# Group of Matthias Neubert

- Members
- M. Neubert, P.R. Archer, S. Berge, M. Fickinger, R. Malm, K. Novotny, K. Röhrig, R. Schabinger, C. Schmell, D. Straub, D. Wilhelm, J. Zurita

The Standard Model (SM) of elementary-particle physics provides a unified description of all phenomena in fundamental physics discovered to date. It is a triumph of 20th century science. The SM describes, at a microscopic level, the interactions between the elementary constituents of matter (leptons and quarks). While it lacks a consistent quantum theory for the gravitational force, there are currently no compelling hints of any discrepancies with SM predictions from particle-physics experiments at energies ranging into the 100 GeV (= 1 billion electron-volt) region.

Despite its many successes, the SM leaves open many fundamental questions, such as what exactly creates the masses of elementary particles (i.e., the structure of the Higgs sector), why there are three generations of elementary fermions, why there are four forces, why there is more matter than antimatter in the universe, and what is the nature of the dark matter. The modern view is that the SM is an effective field theory valid at those energies and length scales accessible to present experiments. At some higher energies or shorter distances, this theory will have to be extended to a more fundamental description of nature.

The search for physics beyond the SM (often referred to as “New Physics”) is
almost as old as the SM itself. Much of the model building efforts in the
past 20 years have been driven by attempts to solve the
hierarchy problem
– the question how the electroweak scale M_{W}c^{2}
≅ 100 GeV can be stabilized at a value so much less than the
scale of grand
unification or the
Planck scale.
The most popular extensions of the SM addressing this problem include
supersymmetry
(a symmetry between bosons and fermions, which predicts a yet undiscovered
“superpartner” for each SM particle), technicolor
(which postulates a new strong force), and
extra (spacial)
dimensions (which explain the weakness of gravity through geometrical
effects).

Searches for physics beyond the SM can be divided into two distinct approaches:
those that aim at producing new, heavy particles using particle colliders at the
highest accessible energies, and those looking for indirect hints (“virtual
effects”) of new particles or new interactions in high-luminosity low-energy
measurements.
A broad program in flavor physics, studying the properties of B and D mesons,
kaons, neutrinos, or charged leptons, follows the second route of approach.
“Flavor” is the quantum number distinguishing the three generations of quarks
and leptons. The study of rare decay properties of quarks and leptons in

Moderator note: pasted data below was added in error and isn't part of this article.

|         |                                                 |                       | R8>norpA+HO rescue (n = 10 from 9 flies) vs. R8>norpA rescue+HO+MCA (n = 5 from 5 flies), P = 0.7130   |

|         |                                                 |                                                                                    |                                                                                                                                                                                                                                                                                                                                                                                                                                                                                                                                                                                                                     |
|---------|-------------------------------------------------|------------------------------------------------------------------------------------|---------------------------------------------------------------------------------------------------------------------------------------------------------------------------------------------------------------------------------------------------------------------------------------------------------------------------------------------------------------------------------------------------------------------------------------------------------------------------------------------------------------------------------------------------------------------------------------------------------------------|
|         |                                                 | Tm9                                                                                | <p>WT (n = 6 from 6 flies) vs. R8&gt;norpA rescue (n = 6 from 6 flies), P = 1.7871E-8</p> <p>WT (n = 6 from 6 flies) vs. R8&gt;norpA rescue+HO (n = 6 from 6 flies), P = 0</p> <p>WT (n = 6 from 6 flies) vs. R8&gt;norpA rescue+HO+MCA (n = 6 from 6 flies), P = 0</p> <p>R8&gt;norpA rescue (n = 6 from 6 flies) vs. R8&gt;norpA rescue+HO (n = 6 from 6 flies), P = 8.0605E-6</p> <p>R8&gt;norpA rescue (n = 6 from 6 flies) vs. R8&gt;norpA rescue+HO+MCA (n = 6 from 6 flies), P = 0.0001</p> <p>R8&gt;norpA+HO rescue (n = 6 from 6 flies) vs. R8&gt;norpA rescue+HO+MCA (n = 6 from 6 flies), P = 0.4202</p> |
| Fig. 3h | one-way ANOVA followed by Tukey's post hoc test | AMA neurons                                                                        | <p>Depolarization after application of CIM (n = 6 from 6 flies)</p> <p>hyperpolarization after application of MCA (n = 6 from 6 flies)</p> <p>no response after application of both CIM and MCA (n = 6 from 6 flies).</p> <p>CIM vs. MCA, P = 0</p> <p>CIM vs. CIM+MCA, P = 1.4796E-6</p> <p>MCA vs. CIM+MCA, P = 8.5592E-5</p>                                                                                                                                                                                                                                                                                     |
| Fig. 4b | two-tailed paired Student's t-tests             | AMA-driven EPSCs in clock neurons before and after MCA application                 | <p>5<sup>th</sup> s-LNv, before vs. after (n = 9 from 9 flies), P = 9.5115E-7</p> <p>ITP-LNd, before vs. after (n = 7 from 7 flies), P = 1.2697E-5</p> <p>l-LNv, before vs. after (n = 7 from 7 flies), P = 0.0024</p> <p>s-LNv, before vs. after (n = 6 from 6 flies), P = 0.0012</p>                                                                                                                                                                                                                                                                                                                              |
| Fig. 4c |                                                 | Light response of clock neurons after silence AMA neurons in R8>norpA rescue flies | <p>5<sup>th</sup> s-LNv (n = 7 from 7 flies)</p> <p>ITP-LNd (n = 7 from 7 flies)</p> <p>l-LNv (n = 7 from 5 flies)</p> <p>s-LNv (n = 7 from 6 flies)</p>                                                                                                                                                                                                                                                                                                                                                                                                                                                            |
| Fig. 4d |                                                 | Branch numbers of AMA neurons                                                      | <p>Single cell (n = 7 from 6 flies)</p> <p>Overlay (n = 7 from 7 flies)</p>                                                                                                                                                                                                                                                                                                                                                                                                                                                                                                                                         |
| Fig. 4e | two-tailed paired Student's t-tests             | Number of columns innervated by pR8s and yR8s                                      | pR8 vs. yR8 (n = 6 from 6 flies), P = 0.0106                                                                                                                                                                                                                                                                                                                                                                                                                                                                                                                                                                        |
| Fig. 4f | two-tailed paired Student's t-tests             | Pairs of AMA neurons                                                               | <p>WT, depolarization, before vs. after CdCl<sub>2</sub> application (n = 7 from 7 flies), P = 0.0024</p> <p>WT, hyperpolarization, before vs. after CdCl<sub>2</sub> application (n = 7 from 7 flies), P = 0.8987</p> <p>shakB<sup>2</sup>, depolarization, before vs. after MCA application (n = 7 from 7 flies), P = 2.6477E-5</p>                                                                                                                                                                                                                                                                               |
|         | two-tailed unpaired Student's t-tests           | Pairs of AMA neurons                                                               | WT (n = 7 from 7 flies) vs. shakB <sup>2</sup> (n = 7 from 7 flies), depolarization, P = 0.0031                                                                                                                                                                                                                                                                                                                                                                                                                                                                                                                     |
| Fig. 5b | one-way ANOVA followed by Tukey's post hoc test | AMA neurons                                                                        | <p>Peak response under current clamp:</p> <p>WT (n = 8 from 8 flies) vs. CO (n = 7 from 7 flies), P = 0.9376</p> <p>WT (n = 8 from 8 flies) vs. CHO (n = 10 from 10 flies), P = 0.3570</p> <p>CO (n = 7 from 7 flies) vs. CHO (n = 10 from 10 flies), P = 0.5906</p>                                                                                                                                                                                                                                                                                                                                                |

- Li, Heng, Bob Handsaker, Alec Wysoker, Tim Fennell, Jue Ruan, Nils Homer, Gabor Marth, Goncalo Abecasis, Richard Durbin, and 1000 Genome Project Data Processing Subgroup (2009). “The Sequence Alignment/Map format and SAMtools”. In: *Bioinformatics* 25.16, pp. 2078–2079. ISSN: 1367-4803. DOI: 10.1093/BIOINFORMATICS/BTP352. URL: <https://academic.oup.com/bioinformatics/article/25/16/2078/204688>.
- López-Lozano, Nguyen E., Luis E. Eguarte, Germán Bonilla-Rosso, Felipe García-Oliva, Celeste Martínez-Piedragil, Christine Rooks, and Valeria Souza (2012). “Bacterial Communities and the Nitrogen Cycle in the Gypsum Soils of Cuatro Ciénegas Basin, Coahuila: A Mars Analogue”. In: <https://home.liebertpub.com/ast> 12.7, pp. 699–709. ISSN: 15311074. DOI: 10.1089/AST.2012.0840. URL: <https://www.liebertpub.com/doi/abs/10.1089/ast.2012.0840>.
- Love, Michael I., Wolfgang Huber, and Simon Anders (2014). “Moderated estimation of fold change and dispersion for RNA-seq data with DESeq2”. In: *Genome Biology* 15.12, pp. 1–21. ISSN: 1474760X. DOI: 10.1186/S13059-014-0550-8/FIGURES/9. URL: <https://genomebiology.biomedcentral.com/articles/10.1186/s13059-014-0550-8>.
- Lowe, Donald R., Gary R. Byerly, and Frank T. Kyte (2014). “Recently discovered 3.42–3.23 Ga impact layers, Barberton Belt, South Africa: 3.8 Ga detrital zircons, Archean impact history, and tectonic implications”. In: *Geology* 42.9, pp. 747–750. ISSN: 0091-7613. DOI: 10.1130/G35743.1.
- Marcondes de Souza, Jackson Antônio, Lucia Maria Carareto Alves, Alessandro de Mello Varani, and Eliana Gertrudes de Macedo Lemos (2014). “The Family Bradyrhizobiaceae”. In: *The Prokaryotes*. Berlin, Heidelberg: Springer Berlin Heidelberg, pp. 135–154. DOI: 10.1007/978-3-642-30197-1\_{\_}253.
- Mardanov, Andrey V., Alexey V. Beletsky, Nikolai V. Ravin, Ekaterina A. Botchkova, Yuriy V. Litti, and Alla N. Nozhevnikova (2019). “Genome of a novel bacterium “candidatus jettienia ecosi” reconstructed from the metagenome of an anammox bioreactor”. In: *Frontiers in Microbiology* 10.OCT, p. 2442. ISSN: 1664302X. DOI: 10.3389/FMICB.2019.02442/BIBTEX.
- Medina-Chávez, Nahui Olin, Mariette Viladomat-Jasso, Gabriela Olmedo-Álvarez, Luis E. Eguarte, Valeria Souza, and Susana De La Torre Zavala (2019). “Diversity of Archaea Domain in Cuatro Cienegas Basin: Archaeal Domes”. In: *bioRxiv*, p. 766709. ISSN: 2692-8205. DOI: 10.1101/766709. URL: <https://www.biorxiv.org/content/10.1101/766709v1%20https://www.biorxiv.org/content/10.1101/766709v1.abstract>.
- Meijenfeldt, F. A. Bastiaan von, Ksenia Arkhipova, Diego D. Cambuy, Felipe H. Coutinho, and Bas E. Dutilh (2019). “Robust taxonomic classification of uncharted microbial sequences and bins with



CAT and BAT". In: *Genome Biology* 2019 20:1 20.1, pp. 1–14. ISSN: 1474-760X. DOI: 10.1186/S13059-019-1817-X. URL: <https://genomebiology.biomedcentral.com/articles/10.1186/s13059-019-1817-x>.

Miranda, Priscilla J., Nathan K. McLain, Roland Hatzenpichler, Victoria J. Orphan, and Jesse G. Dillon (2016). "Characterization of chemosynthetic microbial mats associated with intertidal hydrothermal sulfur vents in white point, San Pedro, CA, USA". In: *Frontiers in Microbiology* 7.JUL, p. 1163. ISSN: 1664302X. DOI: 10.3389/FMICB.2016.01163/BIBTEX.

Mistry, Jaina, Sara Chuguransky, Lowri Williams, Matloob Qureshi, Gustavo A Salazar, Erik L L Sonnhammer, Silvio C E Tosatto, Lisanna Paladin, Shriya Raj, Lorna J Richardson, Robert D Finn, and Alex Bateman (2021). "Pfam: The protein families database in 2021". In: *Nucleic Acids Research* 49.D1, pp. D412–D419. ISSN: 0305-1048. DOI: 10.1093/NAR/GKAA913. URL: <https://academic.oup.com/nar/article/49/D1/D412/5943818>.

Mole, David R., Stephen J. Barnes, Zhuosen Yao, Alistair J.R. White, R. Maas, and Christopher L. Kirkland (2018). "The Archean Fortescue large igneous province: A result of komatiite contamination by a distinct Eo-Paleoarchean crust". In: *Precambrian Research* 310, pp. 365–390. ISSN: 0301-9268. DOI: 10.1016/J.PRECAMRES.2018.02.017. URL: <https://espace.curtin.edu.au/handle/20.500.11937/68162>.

processes such as
flavor-changing neutral current decays or
neutrino
oscillations can be used to probe for new particles or interactions at
energy scales into the range of 10^{3}–10^{4} GeV, far
extending beyond the reach
of high-energy particle colliders. These studies may help to explain the
matter-antimatter asymmetry in the universe and provide hints of physics
beyond the SM.

Our group pursues a broad research program in particle-physics phenomenology centered around these questions.

### Flavor physics and heavy quarks

A major experimental effort is presently underway to study the weak decays of B mesons at several dedicated facilities (“B factories”). The aim is to test the flavor sector of the SM, to explore the phenomenon of CP violation, and to search for new particle and interactions at higher energies. We are developing theoretical tools that make it possible to interpret the data collected at the B factories and extract from them the fundamental parameters of the underlying theory. The main challenge is to control the strong-interaction QCD effects in weak decays using tools such as effective field theories, factorization theorems, symmetries, and heavy-quark expansions.

### Beyond the Standard Model

Our group is also involved in studies of extensions of the SM such as supersymmetry and theories with extra dimensions. A particularly attractive scenario for solving the hierarchy problem consists of theories with a warped extra dimension (Randall-Sundrum models), in which the weakness of gravity is explained by a position-dependent scaling factor in the metric, which varies along the extra dimension. The AdS/CFT correspondence implies that 5-dimensional Randall-Sundrum models are dual to 4-dimensional, strongly coupled theories of electroweak symmetry breaking. We are especially interested in aspects of flavor physics in warped extra dimensions. The presence of the warp factor provides a new mechanism for explaining exponential hierarchies in flavor physics in terms of localization of fermion wave functions in the extra dimension.

### Collider physics

The search for new phenomena at high-energy colliders such as the Tevatron at Fermilab, the Large Hadron Collider (LHC) at CERN, or the planned International Linear Collider (ILC) requires precise calculations of a variety of processes, including the production of new heavy particles as well as many SM background processes. Precise calculations of cross sections in perturbative QCD often suffer from the presence of large logarithmic corrections, which invalidate a fixed-order perturbative expansion. These logarithms typically result from a complicated interplay of soft and collinear emissions of massless partons. We have developed a novel approach based on effective field theory – the so-called soft-collinear effective theory – which allows for an efficient and transparent factorization and resummation of such large logarithms to all orders in QCD perturbation theory for a variety of kinematical situations. This technique has already been applied to deep-inelastic scattering, heavy-quark fragmentation, and Drell-Yan or Higgs production.